Does beauty make us vulnerable? Leah quickly monitors herself, noting as he passes casually into the house that care should be taken in crossing thresholds. “Think first, know the destination, prepare. There should be commitment in any crossing.” No one has crossed this threshold since her father’s sudden and soundless departure from their lives. And Leah, like the house buried in snow, has buried herself in literature—lust and love relegated to daydream only, as the family tries to recover.
Her pain is silent, her loss of trust unexpressed. In books, she finds fascinating heroes who reflect her own desires; she has no need for the messy, disappointing, fleeting attractions of real life, the kind that only leave you vulnerable.
She wonders if this beautiful boy knows what he steps over and into? But when he shakes out his hair, darker than their starless nights, he smiles and his gold-brown eyes sparkle on her. His face is open with trust. And for a moment her fantasy worlds blend with reality. She wants him to step in.
I was a child of gothic romances and fairy tales with noble kings, larger than life men who made the heroine take a second, longer, ever-lasting look. My grade-school girlfriends would get mad at me, asking why I never liked any of the boys in school. It wasn’t because I had too-high expectations, wanting real life to mimic books. It was because, for the moment, my own imagination excited me more. I wasn’t yet intrigued enough to take that messy step out of self and into another.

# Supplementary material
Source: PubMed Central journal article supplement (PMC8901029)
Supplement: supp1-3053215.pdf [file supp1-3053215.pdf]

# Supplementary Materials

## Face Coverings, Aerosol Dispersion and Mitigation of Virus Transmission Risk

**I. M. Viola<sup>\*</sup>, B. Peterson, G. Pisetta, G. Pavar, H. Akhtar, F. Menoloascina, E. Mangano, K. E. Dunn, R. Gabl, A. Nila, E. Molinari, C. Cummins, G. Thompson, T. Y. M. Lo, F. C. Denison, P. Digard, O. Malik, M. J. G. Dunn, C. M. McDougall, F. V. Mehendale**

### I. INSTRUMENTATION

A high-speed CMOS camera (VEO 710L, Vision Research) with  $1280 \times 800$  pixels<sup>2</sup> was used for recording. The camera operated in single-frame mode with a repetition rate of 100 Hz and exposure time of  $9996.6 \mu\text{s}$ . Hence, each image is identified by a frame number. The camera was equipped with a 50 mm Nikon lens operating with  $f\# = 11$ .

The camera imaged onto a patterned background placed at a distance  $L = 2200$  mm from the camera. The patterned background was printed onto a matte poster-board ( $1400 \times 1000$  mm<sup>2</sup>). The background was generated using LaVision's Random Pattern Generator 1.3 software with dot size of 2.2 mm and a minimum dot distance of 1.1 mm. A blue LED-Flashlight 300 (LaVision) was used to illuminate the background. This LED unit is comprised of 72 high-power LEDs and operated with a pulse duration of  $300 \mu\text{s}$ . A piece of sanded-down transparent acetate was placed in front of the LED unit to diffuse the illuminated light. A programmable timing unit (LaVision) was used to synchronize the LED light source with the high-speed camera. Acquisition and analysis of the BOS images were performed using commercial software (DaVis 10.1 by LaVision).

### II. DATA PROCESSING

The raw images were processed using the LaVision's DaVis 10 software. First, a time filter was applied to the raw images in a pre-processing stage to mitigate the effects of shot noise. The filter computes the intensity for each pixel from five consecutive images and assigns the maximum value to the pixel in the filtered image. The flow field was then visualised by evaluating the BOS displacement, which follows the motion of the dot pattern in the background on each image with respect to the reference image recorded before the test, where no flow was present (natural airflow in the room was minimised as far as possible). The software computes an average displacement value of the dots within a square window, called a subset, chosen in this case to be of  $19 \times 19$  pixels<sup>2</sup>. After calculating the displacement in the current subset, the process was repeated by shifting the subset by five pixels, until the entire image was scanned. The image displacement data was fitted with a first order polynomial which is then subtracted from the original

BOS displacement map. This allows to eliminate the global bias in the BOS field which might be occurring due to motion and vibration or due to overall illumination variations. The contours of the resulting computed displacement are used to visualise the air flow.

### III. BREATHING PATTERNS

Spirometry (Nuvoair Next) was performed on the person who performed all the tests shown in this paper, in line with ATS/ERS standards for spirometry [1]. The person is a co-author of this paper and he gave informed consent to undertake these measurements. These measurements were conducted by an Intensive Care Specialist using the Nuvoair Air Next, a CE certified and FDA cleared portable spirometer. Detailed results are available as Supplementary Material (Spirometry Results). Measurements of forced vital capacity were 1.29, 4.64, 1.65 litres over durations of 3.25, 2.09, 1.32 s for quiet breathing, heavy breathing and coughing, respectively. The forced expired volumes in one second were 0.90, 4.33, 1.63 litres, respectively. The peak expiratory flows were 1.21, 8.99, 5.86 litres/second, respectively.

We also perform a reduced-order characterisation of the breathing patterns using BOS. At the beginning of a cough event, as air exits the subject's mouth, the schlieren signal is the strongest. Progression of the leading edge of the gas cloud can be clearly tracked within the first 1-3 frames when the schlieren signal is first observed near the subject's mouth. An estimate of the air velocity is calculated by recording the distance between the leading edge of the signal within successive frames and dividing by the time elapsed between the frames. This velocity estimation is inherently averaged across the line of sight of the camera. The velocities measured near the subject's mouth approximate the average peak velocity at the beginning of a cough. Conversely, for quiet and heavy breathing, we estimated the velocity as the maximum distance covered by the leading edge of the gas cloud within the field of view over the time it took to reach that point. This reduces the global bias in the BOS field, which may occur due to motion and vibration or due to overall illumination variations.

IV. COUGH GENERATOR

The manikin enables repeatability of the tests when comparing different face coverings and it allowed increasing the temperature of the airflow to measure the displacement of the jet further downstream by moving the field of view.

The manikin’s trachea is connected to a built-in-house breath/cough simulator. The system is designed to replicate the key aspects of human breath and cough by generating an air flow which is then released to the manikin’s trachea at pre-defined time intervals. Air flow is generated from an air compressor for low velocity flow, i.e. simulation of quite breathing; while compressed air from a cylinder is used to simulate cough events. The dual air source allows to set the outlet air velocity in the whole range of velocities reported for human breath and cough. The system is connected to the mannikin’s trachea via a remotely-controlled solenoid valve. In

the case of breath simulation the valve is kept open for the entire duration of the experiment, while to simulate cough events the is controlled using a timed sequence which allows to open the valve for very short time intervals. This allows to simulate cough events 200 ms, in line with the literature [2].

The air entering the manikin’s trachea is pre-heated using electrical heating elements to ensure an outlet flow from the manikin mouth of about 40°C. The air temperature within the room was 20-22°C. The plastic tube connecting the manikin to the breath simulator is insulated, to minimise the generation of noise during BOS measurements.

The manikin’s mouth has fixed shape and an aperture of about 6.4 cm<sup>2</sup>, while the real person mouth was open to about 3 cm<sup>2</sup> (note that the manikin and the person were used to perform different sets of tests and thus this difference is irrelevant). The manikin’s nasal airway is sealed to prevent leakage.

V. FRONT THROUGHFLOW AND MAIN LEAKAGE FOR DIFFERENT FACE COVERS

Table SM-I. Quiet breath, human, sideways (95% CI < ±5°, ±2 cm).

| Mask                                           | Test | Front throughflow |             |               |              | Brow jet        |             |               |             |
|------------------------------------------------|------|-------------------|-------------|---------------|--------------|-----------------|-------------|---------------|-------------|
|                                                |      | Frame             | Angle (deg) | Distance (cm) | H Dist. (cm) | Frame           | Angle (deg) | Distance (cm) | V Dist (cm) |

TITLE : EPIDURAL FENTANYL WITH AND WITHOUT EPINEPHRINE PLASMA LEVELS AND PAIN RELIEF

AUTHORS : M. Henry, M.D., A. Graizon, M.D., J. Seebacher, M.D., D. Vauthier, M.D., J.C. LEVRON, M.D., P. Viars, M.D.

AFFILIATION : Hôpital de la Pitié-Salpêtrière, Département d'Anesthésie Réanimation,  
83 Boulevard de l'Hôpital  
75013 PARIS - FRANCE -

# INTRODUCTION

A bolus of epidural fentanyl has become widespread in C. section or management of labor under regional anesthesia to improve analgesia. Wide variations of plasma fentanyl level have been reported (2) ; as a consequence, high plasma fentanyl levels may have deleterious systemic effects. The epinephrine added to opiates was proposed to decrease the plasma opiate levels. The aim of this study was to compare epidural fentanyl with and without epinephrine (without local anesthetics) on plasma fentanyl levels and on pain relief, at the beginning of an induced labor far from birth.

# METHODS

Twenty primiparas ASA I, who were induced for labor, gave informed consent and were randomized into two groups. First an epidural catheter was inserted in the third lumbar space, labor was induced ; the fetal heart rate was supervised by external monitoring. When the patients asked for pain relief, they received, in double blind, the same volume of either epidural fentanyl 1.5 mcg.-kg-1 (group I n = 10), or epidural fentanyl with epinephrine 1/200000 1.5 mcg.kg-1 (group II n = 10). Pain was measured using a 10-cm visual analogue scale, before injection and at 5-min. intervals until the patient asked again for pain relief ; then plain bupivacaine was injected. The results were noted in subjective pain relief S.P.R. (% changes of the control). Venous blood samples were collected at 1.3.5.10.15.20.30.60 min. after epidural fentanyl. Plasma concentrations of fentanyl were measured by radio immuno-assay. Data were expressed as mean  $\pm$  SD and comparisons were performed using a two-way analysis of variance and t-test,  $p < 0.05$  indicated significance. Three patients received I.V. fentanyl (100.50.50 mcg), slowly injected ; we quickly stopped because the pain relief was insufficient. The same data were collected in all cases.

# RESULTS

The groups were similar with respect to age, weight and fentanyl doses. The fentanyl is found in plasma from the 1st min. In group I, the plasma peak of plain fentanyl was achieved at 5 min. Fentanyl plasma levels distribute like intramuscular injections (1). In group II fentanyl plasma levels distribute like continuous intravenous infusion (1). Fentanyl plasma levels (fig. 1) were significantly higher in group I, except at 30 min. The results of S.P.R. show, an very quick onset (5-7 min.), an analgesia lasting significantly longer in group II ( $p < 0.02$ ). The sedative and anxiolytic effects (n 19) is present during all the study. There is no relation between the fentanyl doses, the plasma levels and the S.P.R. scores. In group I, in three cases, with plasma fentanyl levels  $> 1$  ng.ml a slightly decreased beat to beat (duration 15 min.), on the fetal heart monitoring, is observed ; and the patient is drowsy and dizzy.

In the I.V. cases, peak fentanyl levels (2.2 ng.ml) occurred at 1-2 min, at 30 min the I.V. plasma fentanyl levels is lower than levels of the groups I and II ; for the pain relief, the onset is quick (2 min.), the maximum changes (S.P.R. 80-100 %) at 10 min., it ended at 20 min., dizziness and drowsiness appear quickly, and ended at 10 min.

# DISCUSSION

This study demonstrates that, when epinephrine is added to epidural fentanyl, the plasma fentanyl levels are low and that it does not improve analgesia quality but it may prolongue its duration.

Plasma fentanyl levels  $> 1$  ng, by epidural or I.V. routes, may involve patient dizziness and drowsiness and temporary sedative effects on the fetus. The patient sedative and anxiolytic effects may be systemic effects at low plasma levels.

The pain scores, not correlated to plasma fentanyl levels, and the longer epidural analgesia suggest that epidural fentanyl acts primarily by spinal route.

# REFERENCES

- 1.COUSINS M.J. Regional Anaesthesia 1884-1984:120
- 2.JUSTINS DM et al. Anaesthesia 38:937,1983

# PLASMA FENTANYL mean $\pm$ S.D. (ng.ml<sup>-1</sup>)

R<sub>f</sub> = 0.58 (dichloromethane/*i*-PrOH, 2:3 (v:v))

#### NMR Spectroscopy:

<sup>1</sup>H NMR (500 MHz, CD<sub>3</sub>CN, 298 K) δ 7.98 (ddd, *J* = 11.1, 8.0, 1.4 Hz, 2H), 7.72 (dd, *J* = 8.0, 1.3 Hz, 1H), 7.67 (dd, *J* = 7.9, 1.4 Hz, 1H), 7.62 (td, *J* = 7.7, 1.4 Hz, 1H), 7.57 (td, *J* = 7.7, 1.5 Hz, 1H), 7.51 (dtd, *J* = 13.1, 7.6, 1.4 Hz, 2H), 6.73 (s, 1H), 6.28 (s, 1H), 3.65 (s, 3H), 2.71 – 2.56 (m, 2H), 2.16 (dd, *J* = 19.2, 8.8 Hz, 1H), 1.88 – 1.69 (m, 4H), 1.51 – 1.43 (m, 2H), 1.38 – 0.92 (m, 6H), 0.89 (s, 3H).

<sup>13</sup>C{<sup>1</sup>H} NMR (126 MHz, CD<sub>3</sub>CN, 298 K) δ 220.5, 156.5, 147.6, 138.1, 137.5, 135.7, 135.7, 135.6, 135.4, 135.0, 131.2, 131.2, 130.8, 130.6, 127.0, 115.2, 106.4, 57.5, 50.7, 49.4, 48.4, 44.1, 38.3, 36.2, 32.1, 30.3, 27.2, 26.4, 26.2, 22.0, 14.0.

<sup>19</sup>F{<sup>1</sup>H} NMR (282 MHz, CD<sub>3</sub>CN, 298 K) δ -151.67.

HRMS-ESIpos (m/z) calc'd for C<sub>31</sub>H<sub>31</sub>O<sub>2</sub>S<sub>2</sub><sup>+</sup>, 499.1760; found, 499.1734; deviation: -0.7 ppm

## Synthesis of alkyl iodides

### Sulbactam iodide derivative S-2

When Aurelio crosses the threshold into Leah’s house, it is her moment to step out—out of herself, out of fantasies, to take a chance on real life. He sees her desire. He acts on it.
When her brother, heading into town, hesitates at the door, paused in the white slit, one foot over the threshold, Leah urges him out, waiting for the door to slam, and suction Aurelio in.